See my response to another comment on this page:


Vimwiki maintainer here. I made a few changes just now. If you have a suggestion how to describe it better, let me know.

This basically allows you to create links between files like in a wiki, and to use some form of markup in them.

It also allows quick access to it and some form of file management (eg. When renaming a file)

I think it is also able to export to a real wiki platform.

Vimwiki maintainer here. Feel free to ask questions.

Is there a recommended way to sync this with a remote server or service? My interest is to share the info between devices. I suppose I could just use a git repo, but wondering if there's a less manual way.

There is no standard way. It's just a bunch of plain text files, so there are many ways to sync. AFAIK, many users use Dropbox.

Dropbox works well, as does (oddly enough) iCloud. Syncthing also works well enough too. I simply simlink whichever choice I make back to my home directory, and it works as expected.

I use syncthing for this very purpose, works great.

Thanks a lot for creating vimwiki. I've been using it for years to keep my notes.

Thanks for adding markdown support. :)

Is there a way in which I can show my gratitude? I can donate money or contribute code (if you need help).

I personally didn't create Vimwiki and I didn't add the markdown support, I'm just the main contributor for the last couple of years. But thanks for the kind words anyway :) Code contributions are the best way to support Vimwiki, since I can't spare as much time as I would like to work on it.

Just want to add my thanks for making this amazing plugin! I've been using it for four years and have always found it to be an invaluable part of my toolset.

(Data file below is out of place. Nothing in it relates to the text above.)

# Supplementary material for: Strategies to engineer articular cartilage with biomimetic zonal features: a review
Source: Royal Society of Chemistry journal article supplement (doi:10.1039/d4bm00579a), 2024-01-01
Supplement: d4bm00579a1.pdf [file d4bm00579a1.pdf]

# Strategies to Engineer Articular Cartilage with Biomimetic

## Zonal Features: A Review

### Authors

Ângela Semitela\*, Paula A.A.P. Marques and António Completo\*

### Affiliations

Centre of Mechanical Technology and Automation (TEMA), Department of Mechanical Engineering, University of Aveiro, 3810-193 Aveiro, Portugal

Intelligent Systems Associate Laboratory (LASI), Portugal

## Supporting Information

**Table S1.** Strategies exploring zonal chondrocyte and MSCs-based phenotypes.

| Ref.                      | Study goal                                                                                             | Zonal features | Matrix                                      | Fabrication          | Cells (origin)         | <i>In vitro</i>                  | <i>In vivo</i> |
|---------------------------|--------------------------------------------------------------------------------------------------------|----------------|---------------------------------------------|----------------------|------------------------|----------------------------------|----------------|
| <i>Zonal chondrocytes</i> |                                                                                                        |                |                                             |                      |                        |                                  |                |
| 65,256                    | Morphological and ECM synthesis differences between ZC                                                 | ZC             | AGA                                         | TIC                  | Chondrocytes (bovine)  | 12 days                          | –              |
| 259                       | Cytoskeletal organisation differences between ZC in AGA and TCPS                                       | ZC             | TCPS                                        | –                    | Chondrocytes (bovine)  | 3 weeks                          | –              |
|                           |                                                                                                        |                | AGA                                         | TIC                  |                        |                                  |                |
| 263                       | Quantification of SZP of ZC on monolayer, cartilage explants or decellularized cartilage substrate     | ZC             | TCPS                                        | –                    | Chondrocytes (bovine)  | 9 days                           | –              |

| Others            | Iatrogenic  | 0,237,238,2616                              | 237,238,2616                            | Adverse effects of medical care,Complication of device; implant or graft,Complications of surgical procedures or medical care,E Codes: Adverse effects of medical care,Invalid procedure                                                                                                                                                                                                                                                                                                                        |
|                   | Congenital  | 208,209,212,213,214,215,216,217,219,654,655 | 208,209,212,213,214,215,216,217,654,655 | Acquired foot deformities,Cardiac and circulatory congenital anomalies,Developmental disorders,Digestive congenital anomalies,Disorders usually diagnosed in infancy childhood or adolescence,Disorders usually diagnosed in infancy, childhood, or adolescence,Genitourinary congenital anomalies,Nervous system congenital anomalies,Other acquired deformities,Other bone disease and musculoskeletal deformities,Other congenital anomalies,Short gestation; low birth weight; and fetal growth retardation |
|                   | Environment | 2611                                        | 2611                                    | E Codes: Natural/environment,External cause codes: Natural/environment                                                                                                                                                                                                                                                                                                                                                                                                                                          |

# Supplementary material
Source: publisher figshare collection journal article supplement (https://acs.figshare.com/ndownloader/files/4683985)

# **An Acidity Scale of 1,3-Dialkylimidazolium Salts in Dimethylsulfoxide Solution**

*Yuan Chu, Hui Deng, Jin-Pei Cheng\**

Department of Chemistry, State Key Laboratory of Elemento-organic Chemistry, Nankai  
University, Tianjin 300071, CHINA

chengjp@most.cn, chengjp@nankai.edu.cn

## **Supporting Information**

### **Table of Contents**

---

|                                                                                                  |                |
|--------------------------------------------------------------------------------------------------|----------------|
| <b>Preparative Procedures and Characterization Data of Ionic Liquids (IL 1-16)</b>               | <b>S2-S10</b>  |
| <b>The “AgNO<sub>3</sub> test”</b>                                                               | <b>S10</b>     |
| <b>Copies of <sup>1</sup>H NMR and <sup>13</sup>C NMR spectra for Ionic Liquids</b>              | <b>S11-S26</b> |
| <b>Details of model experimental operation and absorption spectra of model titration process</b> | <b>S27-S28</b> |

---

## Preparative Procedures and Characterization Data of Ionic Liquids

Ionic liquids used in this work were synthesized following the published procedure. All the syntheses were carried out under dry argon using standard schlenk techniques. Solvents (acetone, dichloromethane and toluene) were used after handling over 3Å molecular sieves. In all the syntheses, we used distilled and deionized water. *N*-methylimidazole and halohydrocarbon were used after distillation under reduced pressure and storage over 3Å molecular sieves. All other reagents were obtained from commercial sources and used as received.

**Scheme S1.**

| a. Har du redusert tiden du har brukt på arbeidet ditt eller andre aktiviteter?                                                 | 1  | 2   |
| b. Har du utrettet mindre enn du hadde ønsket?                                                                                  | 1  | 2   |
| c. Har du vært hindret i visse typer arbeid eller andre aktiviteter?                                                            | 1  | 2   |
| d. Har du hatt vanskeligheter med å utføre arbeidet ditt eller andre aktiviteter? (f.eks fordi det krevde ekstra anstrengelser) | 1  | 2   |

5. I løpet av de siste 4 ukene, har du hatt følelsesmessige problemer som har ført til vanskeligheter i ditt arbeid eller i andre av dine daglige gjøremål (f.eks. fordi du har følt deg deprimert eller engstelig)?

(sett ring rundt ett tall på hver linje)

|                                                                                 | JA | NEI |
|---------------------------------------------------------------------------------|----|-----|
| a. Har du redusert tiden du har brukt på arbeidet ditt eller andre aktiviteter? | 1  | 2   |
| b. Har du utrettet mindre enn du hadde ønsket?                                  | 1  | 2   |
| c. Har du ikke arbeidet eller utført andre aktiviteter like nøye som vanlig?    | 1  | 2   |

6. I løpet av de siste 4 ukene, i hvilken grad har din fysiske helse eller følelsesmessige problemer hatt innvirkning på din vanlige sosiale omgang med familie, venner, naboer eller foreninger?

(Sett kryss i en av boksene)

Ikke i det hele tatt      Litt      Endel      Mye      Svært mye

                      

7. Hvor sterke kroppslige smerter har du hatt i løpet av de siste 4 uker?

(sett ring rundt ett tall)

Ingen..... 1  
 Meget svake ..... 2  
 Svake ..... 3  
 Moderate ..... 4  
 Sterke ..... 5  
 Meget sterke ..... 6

Great work, please keep up the awesomeness!

Is there a way to publish the wiki on the web.

You can convert your wiki files to HTML, but you have to do the publishing part on your own.

The one vimwiki line I have in my vimrc is to set the path to my Dropbox.

  let g:vimwiki_list = [{'path': '~/Dropbox/Public/briefcase/vimwiki'}]
All of the default commands are pretty nice. Here's a nice cheatsheet:


I've used VimWiki for a couple years now. I use the most basic features (Enter, Backspace). The ability to instantly jump to the wiki is the most useful (Leader W W). My wiki is just a folder in my Dropbox so I can get to it on almost any computer.

When I started, VimWiki syntax was better supported than markdown. I've seen lots of markdown related pull requests come through, so maybe that's changed.

I use VimWiki for:

  * Life goals (stretch and short term). I use it almost as a centering tool.
  * Poetry
  * Passages from books
  * Book summaries (that I write)
  * Lecture/Speech notes
  * Notes on misc. items I want to explore
  * Ideas for future science fiction short stories